And so, people got a rare glimpse inside Facebook's thorny relationship with Google in a story that seems more befitting to behind-the-scenes Washington politics or rival pizza joints than the sparring between two seemingly friendly tech giants.

It was also a good lesson on privacy in an age in which few things stay out of the public eye.

``Odds are that if you are writing about something controversial, or doing something controversial, someone is going to leak it,'' said Smith, the crisis-management expert.

Google and Facebook are Silicon Valley neighbors with similar scrappy roots as startups.

Over the past few years, however, they have grown more competitive. Google is dominant in advertising that accompanies search results, but Facebook has the potential to draw ad dollars with its extensive knowledge of people's interests and social circles. With little success, Google has urged Facebook to make its data more accessible to its search engine.

Facebook also has successfully lured scores of Google's engineers and executives, a key reason Google gave its staff a 10 percent raise this year.

The PR fiasco was prompted by Google's Social Circle, which is part of the company's efforts to supplement search results with content from your Facebook, Twitter and other online connections.

Facebook, no stranger to privacy mishaps, criticizes Google for collecting and storing Internet users' information without their knowledge or consent.

But even the most ardent privacy advocates are dubious Google is doing anything all that bad with Social Circle.

Marc Rotenberg, executive director of the Electronic Privacy Information Center, said there are far more pressing privacy issues. They include Google's mapping service with street-level photography and Facebook's tendency to encourage people to share more than they think they're sharing. EPIC also objects to the tracking of people's location through mobile devices.

Facebook acknowledges that it could have handled the matter better.

``The issues are serious and we should have presented them in a serious and transparent way,'' the company said.

Google did not respond to messages for comment. Nor did Mercurio and Jim Goldman, the Burson-Marsteller employees behind the Facebook campaign. The blogger, Soghoian, confirmed the email exchange and said, ``I don't write things for other people.''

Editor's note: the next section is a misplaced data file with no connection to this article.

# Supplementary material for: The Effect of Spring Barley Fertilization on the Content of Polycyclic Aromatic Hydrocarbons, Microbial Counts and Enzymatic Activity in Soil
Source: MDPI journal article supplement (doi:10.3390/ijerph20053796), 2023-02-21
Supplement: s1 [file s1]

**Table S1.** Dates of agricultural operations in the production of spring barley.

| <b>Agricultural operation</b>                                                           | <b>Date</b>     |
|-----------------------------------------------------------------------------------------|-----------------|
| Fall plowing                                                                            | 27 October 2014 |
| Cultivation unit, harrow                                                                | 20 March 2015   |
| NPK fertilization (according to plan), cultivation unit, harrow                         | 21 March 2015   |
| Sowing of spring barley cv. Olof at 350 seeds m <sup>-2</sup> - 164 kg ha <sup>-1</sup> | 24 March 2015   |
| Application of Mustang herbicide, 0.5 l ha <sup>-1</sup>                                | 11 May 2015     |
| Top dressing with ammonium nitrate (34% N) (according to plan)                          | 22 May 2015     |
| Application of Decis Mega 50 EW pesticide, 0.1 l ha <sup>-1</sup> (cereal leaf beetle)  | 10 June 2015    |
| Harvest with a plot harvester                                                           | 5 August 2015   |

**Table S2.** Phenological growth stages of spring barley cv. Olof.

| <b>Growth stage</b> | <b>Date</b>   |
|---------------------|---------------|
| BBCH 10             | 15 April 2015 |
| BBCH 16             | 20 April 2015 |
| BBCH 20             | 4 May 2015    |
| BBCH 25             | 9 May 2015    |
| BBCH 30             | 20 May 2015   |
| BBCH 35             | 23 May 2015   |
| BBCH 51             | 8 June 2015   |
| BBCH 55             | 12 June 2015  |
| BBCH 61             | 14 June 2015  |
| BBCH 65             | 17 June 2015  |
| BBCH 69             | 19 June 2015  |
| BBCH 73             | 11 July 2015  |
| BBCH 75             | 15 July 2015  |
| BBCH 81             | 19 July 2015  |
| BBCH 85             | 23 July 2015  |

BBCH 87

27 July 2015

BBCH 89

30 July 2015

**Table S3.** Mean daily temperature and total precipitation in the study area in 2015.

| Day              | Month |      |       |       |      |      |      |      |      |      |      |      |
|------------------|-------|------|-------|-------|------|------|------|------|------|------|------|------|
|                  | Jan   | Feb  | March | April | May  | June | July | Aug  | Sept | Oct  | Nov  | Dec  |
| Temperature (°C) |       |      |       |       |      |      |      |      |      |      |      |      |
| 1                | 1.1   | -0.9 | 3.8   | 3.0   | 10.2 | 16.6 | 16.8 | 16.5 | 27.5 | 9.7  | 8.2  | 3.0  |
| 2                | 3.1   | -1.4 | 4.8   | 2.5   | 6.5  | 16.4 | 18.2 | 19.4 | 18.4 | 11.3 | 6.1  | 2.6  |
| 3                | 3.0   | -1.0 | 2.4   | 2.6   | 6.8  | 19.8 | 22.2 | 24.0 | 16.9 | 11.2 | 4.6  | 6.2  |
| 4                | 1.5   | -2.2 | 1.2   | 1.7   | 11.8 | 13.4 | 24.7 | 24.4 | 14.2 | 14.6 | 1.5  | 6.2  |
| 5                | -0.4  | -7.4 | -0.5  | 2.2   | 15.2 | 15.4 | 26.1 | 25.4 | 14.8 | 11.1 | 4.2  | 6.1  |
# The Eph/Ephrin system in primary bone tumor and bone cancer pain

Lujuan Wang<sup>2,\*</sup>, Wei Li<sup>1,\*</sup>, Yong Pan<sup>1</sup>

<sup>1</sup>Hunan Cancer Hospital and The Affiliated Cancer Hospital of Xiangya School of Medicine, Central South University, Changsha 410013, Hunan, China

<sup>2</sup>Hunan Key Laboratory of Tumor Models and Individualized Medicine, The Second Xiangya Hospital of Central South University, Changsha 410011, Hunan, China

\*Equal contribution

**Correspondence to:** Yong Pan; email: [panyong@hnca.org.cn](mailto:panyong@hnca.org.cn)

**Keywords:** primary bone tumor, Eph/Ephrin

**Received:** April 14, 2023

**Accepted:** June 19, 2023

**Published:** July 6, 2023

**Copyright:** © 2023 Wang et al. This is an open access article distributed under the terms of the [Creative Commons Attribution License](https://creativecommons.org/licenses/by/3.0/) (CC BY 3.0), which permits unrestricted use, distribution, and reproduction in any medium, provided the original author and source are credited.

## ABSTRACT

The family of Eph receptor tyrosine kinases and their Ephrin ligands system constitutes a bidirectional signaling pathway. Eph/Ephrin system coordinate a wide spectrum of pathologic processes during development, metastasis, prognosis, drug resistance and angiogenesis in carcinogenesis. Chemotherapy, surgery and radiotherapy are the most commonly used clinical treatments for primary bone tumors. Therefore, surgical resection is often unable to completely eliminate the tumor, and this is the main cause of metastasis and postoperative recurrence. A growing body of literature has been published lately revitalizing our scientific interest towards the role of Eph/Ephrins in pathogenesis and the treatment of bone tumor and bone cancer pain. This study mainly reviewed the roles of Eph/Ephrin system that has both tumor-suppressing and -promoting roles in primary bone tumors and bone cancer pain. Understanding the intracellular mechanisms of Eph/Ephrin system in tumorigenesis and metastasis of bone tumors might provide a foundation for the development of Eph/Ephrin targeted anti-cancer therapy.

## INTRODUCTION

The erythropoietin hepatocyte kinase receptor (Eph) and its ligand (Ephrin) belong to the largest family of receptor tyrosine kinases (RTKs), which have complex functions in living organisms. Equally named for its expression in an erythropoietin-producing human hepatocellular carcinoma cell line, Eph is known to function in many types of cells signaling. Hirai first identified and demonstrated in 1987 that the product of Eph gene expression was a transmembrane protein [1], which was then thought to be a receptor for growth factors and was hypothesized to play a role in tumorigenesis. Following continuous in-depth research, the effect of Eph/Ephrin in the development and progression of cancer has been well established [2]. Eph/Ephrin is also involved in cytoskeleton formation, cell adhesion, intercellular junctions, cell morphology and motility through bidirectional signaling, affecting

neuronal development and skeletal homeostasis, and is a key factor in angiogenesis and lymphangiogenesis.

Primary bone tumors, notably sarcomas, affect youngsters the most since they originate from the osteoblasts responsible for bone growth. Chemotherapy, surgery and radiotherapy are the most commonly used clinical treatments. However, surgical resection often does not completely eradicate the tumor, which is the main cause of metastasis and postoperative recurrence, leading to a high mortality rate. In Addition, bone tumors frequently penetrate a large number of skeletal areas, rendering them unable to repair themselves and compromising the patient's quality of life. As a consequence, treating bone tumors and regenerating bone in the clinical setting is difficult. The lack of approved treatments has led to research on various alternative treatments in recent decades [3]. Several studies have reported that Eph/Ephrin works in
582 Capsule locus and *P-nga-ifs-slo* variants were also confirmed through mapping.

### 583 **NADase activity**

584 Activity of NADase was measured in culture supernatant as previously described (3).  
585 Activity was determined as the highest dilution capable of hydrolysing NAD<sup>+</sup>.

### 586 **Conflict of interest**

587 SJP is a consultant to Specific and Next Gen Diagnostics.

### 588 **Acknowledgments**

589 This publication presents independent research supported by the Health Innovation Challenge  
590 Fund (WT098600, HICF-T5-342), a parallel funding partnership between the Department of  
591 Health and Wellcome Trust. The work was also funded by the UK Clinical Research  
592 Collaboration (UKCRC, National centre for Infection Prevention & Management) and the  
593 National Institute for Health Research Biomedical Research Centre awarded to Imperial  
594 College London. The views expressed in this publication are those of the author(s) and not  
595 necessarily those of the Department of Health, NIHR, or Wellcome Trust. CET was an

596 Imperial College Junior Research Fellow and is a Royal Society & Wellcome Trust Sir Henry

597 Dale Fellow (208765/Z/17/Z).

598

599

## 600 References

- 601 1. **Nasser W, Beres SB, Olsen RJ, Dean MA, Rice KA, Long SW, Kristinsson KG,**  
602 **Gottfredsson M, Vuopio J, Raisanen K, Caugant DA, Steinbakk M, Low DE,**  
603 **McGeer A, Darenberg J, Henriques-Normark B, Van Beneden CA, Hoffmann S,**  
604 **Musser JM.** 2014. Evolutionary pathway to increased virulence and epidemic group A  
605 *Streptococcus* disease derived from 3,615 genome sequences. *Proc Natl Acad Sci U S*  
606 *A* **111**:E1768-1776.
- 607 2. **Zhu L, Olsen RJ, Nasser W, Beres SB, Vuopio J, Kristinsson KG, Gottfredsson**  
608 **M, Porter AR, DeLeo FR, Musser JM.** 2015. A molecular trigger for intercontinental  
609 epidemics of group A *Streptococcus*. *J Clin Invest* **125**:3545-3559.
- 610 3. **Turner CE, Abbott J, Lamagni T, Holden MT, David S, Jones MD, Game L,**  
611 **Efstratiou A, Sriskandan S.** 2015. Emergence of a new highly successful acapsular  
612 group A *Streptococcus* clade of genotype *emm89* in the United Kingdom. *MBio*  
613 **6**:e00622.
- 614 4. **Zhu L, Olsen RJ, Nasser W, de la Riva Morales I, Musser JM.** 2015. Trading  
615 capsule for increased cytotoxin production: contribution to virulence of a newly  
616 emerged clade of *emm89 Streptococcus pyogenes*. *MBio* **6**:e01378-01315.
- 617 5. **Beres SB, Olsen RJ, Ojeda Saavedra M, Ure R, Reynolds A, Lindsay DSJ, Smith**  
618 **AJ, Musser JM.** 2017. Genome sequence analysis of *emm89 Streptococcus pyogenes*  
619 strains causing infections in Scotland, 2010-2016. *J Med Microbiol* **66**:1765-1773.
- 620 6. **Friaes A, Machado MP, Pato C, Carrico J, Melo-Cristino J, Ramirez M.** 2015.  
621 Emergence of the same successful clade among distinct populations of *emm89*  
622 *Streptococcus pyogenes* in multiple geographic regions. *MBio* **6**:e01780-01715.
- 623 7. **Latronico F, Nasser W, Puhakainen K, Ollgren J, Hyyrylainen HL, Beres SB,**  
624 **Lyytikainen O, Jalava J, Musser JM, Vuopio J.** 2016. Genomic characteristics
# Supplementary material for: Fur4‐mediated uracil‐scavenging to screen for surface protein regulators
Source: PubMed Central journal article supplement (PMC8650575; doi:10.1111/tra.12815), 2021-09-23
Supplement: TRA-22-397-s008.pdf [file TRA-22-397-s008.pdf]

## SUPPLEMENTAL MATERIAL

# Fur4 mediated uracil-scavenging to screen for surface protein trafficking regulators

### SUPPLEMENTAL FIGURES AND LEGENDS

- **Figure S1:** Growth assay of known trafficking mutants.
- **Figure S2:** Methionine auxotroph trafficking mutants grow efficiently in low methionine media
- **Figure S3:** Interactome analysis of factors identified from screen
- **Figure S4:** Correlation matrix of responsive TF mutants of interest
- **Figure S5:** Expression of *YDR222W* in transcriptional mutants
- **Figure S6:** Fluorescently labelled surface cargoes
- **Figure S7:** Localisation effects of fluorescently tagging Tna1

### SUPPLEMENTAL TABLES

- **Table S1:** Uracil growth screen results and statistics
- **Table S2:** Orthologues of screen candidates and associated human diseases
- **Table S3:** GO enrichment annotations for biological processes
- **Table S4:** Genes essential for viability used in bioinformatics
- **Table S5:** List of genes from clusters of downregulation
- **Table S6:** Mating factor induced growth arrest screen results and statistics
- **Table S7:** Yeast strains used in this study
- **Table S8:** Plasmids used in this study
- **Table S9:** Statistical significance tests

Lyons would not disclose how he figured out the identity of Burson-Marsteller's mystery client. As for Facebook's response that it didn't intend a smear campaign, he only wrote:

``I don't think there's any reason not to take them at their word, right? Oh wait.''



페이스북, 구글 '비방홍보' 발각 망신

페이스북이 은밀히 구글에 대해 '비방성' 홍보를 벌이다 사실이 드러나 망신을 당하면서 양사간 치열한 라이벌 관계가 다시 부각되고 있다.

12일(현지시각) AP통신ㆍAFP통신 등에 따르면 최근 세계적 홍보대행사인 버슨-마스텔러는 미국 내 주요 언론사 기자와 유명 블로거 등을 접촉해 구글의 사생활 침해 문제를 기사화해 달라고 요청했다.

이들이 제보한 내용은 곧 공개를 앞둔 구글의 SNS(소셜네트워크서비스) '소셜 서클'이 고객 허락 없이 페이스북, 트위터 등 타사 SNS 상의 정보를 검색한 결과를 보여줘 개인정보를 침해했다는 것.

문제는 버슨-마스텔러가 자사 고객이 누구인지 숨기고 이러한 홍보 활동을 벌였다는 점이다.

접촉 대상자 중 인터넷 사생활 문제 전문가인 블로거 크리스토퍼 소이앤이 이 홍보 활동 배후의 고객사가 누구인지 밝히라고 요구했으나 버슨-마스텔러가 응하지 않자 서로 주고받은 이메일을 인터넷에 공개하면서 이 사안이 처음 알려졌다.

이후 뉴스위크의 기술 에디터 댄 라이언스가 취재를 통해 문제의 고객사가 페이스북인 것을 밝혀냈고, 결국 이날 페이스북은 자사가 버슨-마스텔러를 고용한 것은 사실이라고 시인하기에 이르렀다.

페이스북은 다만 자사가 구글에 대한 비방 홍보를 허락하거나 의도한 것은 아니며 "사람들이 페이스북과 구글 '소셜 서클' 등 다른 서비스 계정의 정보를 수집ㆍ사용하라고 허락하지 않았다는 점을 제3자들이 확인하기를 원했을 뿐"이라고 해명했다.

또 버슨-마스텔러를 고용한 것은 "언론사나 전문가 등 제3자가 확인 가능하고 공개적으로 입수 가능한 정보를 사용해서 이 사안에 초점을 맞추기 위한 것"이었다고 덧붙였다.

그러나 페이스북이 이처럼 자사를 숨기고 '네거티브 홍보전'을 시도한 데 대해 미국PR협회 로재너 피스크 회장은 "비윤리적이고 부적절하다"고 영국 파이낸셜 타임스(FT)를 통해 지적했다.

이번 일은 페이스북의 급성장으로 인해 양사간 경쟁이 갈수록 치열해지고 있음을 보여주는 것으로, 페이스북은 작년 구글을 제치고 세계 방문자 수 1위 사이트에 올랐다.

또 최근 구글 주요 인력 중 상당수가 페이스북으로 이직하면서 구글이 전 직원 연봉 10% 인상으로 대응하기도 했으며 SNS, 소셜커머스 등 여러 분야에서 직접 충돌하면서 양사 라이벌 의식이 극에 달한 결과 페이스북이 이런 '무리수'를 뒀다는 평이 제기되고 있다.